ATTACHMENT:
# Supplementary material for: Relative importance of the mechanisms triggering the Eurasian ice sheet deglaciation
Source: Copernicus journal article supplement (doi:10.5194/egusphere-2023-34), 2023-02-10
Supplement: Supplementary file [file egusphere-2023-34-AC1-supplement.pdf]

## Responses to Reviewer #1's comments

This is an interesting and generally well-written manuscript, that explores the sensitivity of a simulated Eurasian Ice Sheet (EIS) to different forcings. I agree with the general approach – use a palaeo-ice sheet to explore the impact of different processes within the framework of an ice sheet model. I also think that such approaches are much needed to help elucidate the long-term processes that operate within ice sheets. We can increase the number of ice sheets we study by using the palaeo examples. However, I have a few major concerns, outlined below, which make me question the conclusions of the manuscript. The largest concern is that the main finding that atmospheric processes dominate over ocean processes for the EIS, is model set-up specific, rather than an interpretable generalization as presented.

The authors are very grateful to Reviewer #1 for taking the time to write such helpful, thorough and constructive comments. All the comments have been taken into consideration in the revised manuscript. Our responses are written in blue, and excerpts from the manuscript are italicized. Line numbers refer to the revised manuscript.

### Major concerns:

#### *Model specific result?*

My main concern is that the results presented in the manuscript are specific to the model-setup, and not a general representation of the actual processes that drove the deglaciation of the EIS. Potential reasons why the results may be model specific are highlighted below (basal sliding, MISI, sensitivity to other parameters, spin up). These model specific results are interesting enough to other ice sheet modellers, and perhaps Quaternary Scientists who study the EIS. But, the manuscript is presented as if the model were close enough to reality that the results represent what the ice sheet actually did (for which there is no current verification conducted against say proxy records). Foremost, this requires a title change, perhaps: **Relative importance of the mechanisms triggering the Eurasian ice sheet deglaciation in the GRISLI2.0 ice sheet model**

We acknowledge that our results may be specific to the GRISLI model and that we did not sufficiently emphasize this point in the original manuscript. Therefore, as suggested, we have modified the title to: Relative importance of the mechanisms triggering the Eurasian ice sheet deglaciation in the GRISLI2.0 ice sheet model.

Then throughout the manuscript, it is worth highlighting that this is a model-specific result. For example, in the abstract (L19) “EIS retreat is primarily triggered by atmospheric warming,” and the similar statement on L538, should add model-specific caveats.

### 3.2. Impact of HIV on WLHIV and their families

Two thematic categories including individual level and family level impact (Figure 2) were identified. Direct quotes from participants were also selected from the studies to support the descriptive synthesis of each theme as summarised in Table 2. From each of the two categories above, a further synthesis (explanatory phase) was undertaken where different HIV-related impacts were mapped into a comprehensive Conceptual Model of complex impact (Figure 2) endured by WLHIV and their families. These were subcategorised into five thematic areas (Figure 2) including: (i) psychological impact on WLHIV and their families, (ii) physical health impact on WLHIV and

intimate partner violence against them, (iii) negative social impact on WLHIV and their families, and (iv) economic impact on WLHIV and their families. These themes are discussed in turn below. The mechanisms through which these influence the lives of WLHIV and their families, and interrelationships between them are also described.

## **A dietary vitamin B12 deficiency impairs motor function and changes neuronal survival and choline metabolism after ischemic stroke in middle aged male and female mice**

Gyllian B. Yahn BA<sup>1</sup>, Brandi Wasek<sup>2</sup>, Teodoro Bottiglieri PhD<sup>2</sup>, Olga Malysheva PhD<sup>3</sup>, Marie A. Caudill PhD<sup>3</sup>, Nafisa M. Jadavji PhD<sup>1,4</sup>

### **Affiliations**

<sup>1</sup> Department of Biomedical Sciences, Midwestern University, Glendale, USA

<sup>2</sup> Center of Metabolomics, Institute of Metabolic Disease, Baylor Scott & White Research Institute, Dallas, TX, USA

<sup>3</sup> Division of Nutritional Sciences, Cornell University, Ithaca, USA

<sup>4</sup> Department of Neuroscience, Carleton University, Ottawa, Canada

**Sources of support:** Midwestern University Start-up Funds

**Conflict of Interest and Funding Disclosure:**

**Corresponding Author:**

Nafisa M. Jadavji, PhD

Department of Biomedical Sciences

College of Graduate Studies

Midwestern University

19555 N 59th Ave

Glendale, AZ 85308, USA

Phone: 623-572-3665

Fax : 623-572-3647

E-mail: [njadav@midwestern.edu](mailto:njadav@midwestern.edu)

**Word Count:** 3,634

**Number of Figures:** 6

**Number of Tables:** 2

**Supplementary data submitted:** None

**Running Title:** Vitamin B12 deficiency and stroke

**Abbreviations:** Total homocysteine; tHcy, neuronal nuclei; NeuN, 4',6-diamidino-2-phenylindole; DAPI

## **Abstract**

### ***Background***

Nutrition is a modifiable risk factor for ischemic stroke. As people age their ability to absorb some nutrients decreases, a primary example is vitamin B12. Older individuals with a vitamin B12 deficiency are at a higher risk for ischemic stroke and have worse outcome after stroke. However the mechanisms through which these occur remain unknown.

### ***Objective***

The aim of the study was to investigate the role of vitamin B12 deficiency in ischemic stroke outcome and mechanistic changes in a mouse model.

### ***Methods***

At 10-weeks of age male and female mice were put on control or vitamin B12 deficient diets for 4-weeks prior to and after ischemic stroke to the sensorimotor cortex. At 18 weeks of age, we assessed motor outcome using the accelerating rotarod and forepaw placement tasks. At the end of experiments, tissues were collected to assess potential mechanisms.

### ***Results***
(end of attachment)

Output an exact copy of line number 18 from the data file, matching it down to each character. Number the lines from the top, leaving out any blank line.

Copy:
<sup>1</sup> Department of Biomedical Sciences, Midwestern University, Glendale, USA